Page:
Pick up any issue of our union’s newspaper or read it online, and you’ll get a good sampling of what we’re all about.
This month is no exception. We’re reporting on new tonnage both for our private- and federal-sector mariners. We’ve got a feature on one of our military support ships, and a rescue story. Other articles reflect our constant political action; our strong international promotion of maritime; and our commitment to helping preserve our history.
As usual, there’s also no shortage of coverage on our affiliated school in Piney Point, Maryland. Take a look at the class photos – they show Seafarers who are in different stages of their careers, but who are all taking advantage of the tremendous opportunities at the Paul Hall Center for Maritime Training and Education. Check out this month’s Inquiring Seafarer feature, too. Those are (like always) real, unscripted answers from members, and they all have good things to say about the school.
This is also the time of year when we start promoting the annual scholarships offered through the Seafarers Health and Benefits Plan. Those scholarships are available to SIU members and your dependents, and they’re worth looking into for anyone interested in furthering their formal education.
Our union is changing along with the industry, as reflected by our announcement of the SIU’s first female vice president. Last but not least, although we reported on it earlier this year, the organization Seafarers’ Rights International has released its full report on cabotage laws around the world. This study took more than two years to compile, and it proves what we’ve said all along: Cabotage laws are vital, valuable, common-sense policy. For us, this primarily relates to the Jones Act, which has protected the United States for nearly a century but which also regularly comes under attack. The new study puts the Jones Act in an even more positive light, and shows that other countries take the same approach with their domestic commerce. There are variables, sure, and the study doesn’t hide them. But the bottom line is that maritime cabotage laws promote and protect national, economic and homeland security.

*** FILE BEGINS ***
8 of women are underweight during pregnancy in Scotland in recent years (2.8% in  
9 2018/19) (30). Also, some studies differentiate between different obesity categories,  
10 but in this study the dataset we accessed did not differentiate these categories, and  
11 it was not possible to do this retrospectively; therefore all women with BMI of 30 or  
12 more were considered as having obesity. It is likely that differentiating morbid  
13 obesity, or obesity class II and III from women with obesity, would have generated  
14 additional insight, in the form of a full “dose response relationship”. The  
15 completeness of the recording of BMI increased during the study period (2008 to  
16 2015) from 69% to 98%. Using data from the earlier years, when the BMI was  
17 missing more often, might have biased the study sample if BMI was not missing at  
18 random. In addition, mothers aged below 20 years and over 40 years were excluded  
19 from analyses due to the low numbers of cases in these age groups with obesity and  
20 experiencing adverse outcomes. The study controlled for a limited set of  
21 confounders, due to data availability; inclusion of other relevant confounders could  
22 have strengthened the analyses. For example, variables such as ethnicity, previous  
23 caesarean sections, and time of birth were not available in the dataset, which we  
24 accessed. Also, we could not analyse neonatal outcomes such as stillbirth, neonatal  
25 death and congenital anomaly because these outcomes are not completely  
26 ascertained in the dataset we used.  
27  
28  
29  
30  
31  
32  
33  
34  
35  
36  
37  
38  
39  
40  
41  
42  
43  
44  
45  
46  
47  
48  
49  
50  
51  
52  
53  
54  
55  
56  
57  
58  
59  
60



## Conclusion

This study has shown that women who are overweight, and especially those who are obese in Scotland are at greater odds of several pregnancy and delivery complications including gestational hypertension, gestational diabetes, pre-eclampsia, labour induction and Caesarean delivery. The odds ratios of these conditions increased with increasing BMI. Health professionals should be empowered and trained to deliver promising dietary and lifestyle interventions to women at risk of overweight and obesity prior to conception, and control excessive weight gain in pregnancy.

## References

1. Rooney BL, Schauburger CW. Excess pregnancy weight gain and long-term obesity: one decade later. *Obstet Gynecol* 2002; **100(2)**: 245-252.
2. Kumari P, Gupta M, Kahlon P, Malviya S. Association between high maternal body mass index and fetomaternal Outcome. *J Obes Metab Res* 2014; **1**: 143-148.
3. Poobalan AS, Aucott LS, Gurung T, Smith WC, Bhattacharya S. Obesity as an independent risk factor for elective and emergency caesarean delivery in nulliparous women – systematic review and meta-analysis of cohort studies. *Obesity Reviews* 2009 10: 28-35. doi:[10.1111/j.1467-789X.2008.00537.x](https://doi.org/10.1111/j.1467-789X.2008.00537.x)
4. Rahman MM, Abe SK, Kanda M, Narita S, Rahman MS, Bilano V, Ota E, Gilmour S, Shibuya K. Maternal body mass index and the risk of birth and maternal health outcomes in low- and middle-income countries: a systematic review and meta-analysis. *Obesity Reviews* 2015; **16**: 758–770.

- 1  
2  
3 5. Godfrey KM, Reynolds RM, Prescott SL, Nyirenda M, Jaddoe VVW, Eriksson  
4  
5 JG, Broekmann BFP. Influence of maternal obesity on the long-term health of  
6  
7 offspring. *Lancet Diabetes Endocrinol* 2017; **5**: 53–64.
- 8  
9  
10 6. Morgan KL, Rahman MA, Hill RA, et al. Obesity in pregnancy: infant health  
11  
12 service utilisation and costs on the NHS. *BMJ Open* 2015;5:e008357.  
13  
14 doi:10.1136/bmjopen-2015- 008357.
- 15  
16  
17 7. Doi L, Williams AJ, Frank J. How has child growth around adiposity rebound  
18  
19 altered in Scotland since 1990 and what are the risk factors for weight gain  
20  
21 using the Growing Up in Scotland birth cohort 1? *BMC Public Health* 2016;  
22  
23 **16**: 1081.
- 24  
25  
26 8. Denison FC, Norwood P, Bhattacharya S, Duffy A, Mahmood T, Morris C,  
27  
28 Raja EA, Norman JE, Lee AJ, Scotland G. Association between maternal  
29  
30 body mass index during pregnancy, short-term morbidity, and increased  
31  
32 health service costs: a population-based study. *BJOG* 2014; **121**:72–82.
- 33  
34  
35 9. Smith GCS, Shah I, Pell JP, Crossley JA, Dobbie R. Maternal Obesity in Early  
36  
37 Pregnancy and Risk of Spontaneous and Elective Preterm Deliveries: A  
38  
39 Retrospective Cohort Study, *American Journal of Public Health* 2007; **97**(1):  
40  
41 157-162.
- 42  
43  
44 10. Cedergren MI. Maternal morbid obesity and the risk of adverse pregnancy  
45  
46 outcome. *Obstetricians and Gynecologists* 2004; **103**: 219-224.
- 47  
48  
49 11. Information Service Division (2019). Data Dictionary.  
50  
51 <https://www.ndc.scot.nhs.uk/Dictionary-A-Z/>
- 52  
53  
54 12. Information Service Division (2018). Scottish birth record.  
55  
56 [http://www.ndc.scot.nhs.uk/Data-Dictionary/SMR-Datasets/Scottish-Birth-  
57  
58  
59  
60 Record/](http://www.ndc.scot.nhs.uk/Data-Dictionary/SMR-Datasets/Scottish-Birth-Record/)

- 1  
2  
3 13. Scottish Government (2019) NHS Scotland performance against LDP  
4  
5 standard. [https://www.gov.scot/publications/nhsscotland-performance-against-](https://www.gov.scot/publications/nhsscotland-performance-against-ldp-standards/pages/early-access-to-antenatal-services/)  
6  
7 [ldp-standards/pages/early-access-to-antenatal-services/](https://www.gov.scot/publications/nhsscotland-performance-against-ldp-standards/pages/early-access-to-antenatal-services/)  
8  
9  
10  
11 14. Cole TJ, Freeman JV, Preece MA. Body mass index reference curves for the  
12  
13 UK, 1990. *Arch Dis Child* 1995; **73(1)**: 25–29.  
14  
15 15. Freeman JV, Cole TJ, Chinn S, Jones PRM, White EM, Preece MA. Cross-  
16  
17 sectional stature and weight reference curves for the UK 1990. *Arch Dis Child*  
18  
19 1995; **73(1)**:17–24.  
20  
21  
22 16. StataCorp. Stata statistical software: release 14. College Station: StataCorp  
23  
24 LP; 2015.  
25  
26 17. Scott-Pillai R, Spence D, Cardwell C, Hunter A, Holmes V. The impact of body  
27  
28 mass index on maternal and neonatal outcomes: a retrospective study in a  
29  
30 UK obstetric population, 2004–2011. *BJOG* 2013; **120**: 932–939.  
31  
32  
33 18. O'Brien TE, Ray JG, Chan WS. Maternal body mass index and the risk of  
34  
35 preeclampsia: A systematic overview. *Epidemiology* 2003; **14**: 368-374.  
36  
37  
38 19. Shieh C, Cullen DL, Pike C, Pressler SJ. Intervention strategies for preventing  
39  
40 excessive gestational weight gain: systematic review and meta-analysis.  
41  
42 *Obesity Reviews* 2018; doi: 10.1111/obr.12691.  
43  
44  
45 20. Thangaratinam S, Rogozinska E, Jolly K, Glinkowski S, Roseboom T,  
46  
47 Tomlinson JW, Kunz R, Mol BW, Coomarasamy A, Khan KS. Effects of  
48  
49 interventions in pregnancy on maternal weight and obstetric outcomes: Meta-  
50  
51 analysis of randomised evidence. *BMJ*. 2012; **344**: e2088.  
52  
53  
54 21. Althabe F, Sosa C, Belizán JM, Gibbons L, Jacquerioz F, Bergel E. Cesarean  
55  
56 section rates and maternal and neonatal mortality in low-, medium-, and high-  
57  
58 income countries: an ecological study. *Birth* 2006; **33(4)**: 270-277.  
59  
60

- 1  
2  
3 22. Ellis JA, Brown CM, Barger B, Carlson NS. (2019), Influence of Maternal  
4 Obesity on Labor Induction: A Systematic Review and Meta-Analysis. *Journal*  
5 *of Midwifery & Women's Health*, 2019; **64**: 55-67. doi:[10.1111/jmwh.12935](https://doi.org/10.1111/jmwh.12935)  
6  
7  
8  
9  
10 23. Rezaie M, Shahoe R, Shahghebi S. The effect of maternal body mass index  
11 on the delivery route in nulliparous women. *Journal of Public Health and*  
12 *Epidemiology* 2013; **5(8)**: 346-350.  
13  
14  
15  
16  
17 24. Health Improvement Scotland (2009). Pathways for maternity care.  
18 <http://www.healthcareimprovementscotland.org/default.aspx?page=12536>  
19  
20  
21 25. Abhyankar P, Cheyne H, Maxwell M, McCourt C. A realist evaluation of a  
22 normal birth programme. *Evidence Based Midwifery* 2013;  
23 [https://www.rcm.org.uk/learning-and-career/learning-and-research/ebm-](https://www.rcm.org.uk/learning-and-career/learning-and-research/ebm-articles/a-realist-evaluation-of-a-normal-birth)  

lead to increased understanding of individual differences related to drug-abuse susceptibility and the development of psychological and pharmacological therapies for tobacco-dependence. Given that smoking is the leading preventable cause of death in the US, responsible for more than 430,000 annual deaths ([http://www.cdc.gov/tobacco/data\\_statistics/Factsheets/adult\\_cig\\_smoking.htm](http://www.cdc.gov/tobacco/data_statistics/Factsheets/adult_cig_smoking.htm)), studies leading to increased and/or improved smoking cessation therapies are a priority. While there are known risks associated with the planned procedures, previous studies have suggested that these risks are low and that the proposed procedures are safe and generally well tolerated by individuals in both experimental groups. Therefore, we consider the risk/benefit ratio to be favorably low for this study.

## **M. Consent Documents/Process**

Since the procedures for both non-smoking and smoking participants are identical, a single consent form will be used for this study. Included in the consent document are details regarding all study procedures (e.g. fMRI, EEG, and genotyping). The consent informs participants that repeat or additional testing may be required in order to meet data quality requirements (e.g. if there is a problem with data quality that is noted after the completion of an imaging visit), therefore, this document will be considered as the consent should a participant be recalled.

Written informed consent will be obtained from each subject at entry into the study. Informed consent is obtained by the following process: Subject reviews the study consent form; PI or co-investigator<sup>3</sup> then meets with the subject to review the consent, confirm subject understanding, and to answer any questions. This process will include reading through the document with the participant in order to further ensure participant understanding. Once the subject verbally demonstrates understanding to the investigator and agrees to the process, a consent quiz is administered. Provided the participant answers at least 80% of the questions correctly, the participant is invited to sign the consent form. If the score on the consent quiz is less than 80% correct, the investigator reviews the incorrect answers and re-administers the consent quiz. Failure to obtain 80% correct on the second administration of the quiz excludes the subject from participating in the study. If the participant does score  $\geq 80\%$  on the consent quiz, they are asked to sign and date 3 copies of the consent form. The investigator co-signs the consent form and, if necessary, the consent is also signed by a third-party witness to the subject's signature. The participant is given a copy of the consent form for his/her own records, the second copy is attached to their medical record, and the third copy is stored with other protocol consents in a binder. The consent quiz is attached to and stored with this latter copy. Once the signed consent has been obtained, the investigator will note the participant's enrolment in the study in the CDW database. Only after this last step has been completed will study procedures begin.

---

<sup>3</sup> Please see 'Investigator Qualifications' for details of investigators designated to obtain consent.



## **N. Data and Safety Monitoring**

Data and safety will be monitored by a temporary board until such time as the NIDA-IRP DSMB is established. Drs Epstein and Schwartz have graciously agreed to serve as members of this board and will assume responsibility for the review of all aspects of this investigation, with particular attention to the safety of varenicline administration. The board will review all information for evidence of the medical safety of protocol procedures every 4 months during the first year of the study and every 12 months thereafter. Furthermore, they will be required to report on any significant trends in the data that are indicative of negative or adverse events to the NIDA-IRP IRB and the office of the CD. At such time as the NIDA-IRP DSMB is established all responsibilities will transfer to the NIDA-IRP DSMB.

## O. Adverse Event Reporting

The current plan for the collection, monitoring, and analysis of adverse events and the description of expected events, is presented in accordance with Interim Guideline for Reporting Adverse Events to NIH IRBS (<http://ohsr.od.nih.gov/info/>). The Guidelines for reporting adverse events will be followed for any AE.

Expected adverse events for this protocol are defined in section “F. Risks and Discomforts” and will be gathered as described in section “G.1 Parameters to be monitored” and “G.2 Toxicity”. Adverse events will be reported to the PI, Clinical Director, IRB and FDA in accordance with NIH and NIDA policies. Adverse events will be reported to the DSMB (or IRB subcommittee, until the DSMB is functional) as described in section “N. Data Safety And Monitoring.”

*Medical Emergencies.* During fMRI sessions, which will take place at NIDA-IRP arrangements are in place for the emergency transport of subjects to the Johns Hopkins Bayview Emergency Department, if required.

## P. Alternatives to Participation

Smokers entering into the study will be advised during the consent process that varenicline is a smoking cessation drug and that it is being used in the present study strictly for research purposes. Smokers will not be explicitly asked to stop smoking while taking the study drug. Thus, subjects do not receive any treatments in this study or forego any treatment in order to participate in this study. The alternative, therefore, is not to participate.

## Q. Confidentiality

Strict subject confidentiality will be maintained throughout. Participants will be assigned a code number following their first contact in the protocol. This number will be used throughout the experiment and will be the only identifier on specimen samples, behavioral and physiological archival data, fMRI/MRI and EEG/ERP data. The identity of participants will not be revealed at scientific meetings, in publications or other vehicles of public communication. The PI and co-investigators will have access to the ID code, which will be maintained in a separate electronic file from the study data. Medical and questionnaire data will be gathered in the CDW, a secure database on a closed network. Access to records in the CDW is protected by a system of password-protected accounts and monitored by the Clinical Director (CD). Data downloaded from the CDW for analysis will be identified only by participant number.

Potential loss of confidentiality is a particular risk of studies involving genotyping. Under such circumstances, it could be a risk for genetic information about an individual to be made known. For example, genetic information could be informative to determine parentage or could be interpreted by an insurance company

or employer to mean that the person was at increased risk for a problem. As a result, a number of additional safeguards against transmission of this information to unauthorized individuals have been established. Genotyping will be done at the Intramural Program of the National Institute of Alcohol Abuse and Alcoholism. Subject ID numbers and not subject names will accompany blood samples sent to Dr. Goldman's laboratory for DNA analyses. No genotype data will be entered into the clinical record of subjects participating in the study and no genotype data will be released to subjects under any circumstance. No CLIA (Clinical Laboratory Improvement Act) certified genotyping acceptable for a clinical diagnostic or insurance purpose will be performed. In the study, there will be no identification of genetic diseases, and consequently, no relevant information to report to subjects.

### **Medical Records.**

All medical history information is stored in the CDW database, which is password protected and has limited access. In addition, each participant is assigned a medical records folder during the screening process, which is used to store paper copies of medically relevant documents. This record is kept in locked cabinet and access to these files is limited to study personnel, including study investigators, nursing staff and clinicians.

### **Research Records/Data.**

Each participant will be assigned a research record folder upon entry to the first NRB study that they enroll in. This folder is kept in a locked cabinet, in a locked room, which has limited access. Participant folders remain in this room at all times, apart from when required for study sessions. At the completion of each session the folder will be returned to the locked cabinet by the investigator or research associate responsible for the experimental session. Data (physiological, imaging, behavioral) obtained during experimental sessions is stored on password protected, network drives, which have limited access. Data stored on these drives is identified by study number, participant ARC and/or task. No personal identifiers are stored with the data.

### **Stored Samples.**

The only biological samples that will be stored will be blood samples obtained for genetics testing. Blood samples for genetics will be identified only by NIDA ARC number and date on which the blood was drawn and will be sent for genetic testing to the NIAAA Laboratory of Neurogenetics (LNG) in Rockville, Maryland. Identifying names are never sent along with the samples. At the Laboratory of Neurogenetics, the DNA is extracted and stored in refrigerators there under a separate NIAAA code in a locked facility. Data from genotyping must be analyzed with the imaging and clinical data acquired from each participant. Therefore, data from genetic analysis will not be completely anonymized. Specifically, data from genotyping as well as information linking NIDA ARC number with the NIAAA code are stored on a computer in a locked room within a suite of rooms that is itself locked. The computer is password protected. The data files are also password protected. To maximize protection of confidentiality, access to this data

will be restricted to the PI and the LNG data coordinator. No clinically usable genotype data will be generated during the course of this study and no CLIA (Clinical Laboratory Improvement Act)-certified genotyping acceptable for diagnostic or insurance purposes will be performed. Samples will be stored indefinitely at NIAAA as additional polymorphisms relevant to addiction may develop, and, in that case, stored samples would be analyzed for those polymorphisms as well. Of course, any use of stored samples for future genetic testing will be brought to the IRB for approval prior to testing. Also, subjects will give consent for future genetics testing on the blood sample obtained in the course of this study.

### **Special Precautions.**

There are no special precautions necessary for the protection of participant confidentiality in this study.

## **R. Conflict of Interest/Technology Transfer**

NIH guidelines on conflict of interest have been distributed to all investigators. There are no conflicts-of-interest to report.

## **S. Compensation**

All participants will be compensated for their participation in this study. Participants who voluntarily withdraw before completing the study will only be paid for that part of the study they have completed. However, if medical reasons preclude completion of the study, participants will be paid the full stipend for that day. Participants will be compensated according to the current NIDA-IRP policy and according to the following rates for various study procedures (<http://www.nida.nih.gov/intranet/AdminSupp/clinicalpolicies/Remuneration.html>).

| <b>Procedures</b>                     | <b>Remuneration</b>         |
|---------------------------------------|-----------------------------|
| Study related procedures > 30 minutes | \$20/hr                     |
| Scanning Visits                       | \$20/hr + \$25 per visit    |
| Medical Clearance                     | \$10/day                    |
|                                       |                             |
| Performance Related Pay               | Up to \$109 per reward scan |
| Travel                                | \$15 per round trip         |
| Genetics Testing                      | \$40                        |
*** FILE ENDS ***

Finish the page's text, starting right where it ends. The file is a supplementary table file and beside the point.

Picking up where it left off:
After Election Day
Although it’s only mid-October as of this writing, most of our readers won’t see this edition until after Election Day.
In many ways, that’s when our grassroots work really begins. Particularly when it comes to the inevitable turnover in Congress, both our union individually and our industry collectively must constantly carry our message to Capitol Hill so that elected representatives understand why our country needs a strong U.S. Merchant Marine, viable shipyards, and American-flag operators with U.S.-flag ships.
All of the points are second nature to those of us who’ve spent our lives in this industry, but you’d probably be shocked at how many freshman legislators (and even some who’ve been around a while) don’t know much if anything about maritime. Our survival – your jobs – depend on gathering and maintaining support for the Jones Act, cargo preference, the Maritime Security Program and other statutes that help keep the industry afloat. The first steps toward those goals involve speaking up and educating Congress, which is precisely why we’re so politically active. It’s also important for Seafarers to introduce yourselves to your Congressional representatives when you’re home.
Seafarers know that our organization doesn’t care about political party. We support those who support maritime, and that’ll always be the case. Regardless of the outcomes from November 6, we’ll spring into action immediately to introduce ourselves to the newcomers and also reinforce support from old friends.
I wouldn’t blame you for doing a double-take when reading the subhead immediately above, but Thanksgiving really is right around the corner.
As we head towards the winter holiday season, I offer my best wishes to all Seafarers, SIU pensioners, your families and all of our officials and staff members for a safe, happy and healthy home stretch to 2018. For those of you at sea during the holidays, I know it’s a sacrifice even though it goes with the territory. I appreciate your dedication.
Last but definitely not least, to all of our men and women in uniform, please know that the SIU always stands ready to deliver the goods to you, wherever and whenever needed. Be safe this holiday season, and know that our entire organization genuinely respects your service.